Homeowners in Pennsylvania are not entitled to get pre-paid for general contractors' overhead costs and profits when submitting insurance claims, the Supreme Court of Pennsylvania ruled Tuesday.
Where "all-risk" homeowners insurance policies issued by Truck Insurance Exchange provided for a two-step payment process, the policy language says that the homeowners have to actually incur the general contractors' costs before they can seek reimbursement through their insurance claims, the court majority said.
"The policies, by their plain terms, guarantee that the policyholder will be paid the [actual cash value, or ACV] of the damaged property at the time of the loss; however, it also specifies that payment of [general contractor overhead and profit, or GCOP] is conditional in that such payment will not be made unless and until the policyholder actually incurs such costs by commencing the repair process," wrote Justice Debra Todd for the majority opinion. "Given that the law of Pennsylvania does not otherwise require payment of GCOP before repairs begin, we hold that, because policyholders did not undertake such repairs, under the terms of their policies, insurer was permitted to withhold GCOP from its ACV – 'step one' – payments."
Though three justices had disagreements with part of the ruling, the majority upheld a 2018 Superior Court decision that had sent the case back to the Court of Common Pleas in Philadelphia where a judge had sided with the homeowners in April 2017.
Plaintiff Konrad Kurach had sued Truck Insurance Exchange in 2015, claiming the insurer had improperly deducted a 20% surcharge for contractor's overhead and profit from a settlement he received based on a $50,000 estimate to repair water damage at his Bucks County home. Another plaintiff, Mark Wintersteen, filed a proposed class action less than a month later, claiming Truck Insurance improperly deducted GCOP from his $40,000 estimate for repairing damage from a leaky pipe.
The critical part of the insurance policy, the justices noted, was a section that said contractor's overhead would only be paid back after the insured had actually incurred it, "unless the law of your state requires that such fees and charges be paid with the actual cash value settlement."
The court majority said it didn't see where Pennsylvania law had lumped contractors' costs in with the actual cash value payments.
"Critically, our review of Pennsylvania law does not support policyholders' contention that it mandates that GCOP be included in ACV for every claim made under a replacement cost policy, as we discern no such requirement in statute, regulation, or case law," Justice Todd wrote.
But Justice David Wecht, in a concurring and dissenting opinion, said he believed the state law was ambiguous, which rendered the portion of the policy unclear and unknowable when the policyholders signed it. Since ambiguity in insurance contracts favors the policyholder, Justice Wecht said he would have reversed the Superior Court decision.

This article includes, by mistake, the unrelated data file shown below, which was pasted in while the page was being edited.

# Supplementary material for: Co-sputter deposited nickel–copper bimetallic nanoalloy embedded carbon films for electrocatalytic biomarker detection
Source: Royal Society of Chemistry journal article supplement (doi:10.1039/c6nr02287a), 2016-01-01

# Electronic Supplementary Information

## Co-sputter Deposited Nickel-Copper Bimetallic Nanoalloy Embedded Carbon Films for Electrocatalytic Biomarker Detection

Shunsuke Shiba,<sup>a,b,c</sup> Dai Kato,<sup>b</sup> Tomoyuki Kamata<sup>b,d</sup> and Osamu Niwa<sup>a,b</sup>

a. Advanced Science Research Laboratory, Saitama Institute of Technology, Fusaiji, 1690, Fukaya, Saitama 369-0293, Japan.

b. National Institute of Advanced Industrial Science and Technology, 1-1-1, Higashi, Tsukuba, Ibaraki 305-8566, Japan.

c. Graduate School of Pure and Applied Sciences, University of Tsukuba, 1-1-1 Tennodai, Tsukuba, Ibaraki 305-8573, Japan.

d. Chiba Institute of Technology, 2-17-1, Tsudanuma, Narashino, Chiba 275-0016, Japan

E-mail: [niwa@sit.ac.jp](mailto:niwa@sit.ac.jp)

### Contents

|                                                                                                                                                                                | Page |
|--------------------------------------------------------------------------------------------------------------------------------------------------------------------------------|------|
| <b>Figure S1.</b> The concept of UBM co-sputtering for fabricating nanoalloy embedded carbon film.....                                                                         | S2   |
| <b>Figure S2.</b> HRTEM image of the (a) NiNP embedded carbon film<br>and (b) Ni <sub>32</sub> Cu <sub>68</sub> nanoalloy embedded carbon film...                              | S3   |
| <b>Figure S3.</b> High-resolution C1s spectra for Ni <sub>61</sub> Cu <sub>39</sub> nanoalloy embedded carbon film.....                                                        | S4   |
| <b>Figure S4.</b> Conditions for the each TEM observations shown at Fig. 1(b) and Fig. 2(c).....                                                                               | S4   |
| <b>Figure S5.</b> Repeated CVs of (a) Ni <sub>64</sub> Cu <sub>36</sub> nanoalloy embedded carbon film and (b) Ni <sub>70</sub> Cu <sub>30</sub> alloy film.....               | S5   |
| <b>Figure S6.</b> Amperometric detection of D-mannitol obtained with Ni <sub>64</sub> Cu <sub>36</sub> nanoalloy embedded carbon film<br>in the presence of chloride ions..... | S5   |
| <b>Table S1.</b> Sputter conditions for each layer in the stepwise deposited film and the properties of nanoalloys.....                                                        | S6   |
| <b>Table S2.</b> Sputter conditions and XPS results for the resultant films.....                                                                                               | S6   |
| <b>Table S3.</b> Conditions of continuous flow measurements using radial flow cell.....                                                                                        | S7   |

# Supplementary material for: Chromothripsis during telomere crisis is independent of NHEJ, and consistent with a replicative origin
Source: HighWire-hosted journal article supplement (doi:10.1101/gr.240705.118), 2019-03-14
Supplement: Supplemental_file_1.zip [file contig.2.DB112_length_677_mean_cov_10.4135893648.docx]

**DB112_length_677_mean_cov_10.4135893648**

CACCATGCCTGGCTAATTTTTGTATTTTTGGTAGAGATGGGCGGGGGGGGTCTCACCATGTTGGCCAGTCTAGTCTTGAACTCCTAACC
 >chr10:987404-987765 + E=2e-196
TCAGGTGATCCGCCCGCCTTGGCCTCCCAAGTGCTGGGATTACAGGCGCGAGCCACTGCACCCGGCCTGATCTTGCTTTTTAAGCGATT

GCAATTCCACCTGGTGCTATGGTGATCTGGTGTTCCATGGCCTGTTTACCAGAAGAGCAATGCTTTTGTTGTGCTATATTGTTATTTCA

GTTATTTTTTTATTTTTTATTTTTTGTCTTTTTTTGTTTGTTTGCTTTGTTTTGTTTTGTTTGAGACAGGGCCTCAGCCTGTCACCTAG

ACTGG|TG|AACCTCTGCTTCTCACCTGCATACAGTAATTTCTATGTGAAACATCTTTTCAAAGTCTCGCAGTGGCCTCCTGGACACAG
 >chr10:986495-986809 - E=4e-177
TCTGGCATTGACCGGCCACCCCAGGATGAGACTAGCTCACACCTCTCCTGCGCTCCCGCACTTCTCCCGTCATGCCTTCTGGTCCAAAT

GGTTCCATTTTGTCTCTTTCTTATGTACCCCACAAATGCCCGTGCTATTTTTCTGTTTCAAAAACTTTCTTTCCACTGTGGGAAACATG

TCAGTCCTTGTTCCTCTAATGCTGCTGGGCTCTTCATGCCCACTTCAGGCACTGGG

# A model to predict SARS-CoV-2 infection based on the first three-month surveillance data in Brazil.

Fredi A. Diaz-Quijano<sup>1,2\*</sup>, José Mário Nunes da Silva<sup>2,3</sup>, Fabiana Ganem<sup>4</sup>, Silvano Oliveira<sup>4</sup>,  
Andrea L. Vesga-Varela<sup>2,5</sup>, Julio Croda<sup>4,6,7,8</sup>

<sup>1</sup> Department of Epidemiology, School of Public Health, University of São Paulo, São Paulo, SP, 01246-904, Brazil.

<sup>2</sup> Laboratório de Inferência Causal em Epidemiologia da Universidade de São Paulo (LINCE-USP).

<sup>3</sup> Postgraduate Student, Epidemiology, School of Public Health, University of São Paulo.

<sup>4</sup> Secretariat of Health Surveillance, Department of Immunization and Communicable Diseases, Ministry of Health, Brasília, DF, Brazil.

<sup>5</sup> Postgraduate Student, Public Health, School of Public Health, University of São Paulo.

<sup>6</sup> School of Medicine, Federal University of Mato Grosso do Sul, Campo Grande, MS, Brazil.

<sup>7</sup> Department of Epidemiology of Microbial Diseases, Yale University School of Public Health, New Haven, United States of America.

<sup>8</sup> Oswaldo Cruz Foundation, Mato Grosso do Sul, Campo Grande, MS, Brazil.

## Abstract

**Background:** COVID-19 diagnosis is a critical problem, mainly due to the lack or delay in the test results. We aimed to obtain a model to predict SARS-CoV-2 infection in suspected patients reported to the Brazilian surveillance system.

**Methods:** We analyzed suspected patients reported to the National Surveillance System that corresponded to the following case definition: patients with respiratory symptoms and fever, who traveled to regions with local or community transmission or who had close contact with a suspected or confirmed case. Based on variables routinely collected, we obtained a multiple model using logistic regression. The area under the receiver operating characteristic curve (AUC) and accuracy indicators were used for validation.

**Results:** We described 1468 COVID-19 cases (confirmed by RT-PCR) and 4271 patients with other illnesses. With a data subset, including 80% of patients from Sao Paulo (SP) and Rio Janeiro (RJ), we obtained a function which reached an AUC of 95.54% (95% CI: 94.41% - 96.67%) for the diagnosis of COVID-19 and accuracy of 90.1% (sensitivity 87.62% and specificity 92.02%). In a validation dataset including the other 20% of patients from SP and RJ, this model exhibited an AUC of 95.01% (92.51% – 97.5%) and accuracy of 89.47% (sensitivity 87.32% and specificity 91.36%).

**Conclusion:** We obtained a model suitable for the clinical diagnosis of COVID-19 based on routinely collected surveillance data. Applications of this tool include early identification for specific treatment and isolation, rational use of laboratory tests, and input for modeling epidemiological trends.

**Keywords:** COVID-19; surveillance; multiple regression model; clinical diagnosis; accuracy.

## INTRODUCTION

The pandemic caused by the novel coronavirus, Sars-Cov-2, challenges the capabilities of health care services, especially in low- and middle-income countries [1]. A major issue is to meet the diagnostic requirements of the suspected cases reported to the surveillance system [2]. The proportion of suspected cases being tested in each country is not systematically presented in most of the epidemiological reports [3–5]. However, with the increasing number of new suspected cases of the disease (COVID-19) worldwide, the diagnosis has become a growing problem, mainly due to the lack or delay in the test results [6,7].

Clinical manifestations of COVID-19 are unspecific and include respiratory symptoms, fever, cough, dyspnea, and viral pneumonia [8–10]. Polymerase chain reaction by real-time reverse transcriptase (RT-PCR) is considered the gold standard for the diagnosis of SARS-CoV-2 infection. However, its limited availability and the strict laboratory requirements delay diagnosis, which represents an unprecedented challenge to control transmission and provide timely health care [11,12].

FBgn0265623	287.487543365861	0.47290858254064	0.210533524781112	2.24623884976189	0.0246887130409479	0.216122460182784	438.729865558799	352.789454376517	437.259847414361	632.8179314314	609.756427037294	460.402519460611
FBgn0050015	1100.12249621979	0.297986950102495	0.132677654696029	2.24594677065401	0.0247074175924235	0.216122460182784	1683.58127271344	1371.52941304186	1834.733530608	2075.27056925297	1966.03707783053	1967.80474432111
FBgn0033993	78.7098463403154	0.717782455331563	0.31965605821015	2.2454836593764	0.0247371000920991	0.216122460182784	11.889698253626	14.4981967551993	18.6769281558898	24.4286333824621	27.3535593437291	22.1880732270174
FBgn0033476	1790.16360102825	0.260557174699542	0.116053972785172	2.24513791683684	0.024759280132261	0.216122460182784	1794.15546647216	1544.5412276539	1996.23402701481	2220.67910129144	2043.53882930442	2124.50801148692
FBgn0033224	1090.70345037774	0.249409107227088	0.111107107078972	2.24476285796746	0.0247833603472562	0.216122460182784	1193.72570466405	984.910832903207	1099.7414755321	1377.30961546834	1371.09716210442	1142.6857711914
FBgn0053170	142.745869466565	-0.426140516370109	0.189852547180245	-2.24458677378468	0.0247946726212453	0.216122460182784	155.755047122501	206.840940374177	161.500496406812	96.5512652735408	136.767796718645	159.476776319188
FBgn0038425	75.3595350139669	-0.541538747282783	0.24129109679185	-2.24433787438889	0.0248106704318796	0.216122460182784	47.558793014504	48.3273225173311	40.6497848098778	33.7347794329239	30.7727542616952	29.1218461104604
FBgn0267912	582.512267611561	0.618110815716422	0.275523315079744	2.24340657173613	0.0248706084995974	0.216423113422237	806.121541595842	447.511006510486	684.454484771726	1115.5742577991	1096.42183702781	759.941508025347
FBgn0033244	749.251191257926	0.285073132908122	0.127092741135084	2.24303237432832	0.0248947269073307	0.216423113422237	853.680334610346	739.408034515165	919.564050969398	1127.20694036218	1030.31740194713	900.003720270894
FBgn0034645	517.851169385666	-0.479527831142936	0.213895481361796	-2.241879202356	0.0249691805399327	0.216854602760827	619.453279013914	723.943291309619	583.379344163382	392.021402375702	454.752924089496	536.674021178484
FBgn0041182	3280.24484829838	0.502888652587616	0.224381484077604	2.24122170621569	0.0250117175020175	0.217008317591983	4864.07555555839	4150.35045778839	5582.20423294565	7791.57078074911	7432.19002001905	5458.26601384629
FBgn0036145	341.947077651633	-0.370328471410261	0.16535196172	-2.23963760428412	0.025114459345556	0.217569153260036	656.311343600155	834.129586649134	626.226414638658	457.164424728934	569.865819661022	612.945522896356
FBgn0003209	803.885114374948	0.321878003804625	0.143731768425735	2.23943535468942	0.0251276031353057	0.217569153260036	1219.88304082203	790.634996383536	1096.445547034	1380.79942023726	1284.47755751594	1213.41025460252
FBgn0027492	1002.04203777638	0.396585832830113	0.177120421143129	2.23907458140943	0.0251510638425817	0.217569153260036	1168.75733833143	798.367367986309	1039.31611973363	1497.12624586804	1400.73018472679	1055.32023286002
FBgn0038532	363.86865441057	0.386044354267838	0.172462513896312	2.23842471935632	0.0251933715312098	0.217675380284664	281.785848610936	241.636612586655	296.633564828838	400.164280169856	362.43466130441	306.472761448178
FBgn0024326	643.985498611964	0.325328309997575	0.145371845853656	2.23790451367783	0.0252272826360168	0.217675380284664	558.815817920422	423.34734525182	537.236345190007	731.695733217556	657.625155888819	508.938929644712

"Up until the moment this case was decided, our law did not state definitively whether an insurer must include GCOP in an ACV payment," he wrote. "Applicability of the pertinent provision of the policy turned upon whether our Commonwealth's law required a particular result. Until today, our law did not require a particular result. That ambiguity in our law led to the ambiguity in the policy."
Justice Wecht railed against the rest of the court for wading into whether its interpretation of the insurance policy went against "public policy," devoting part of his opinion to contending that public policy decisions should be left to the executive and legislative branches.
"In several cases involving insurance contract disputes, I have objected to this court's freewheeling and unwarranted invocation of 'public policy,'" he wrote. "Public policy is to be set by the political branches of our government — the Governor and the General Assembly — and not by this court. Today's litigants, like other citizens, are free always to lobby those branches for any changes desired."
JusticesSallie Updyke Mundy filed her own concurring and dissenting opinion, to which Justice Kevin M. Dougherty concurred, agreeing with Justice Wecht that the "state law" section of the insurance policy was ambiguous and should have gone in favor of the policyholders. Kevin M. Dougherty
Chief Justice Thomas G. Saylor and Justices Max Baer and Christine Donohue joined Justice Todd in the majority opinion.
"Truck is very pleased with the result and gratified that Justice Todd authored the majority decision since she also authored a key Superior Court ruling on which Truck relied," said Robert Feltoon of Conrad O'Brien PC, representing the insurance company. Todd was referencing Kane v. State Farm Fire & Casualty Co., in which the Superior Court ruled in 2003 that explicit language in an insurance contract could overcome definitions established by case law.
Feltoon also praised the trial court judge for agreeing to send the case quickly to appeal.
Counsel for Kurach and Wintersteen did not immediately respond to requests for comment Tuesday.
Truck Insurance Exchange is represented by Robert Feltoon of Conrad O'Brien PC.
The cases are Kurach v. Truck Insurance Exchange, case number 12 EAP 2019, and Wintersteen v. Truck Insurance Exchange, case number 13 EAP 2019, in the Supreme Court of Pennsylvania.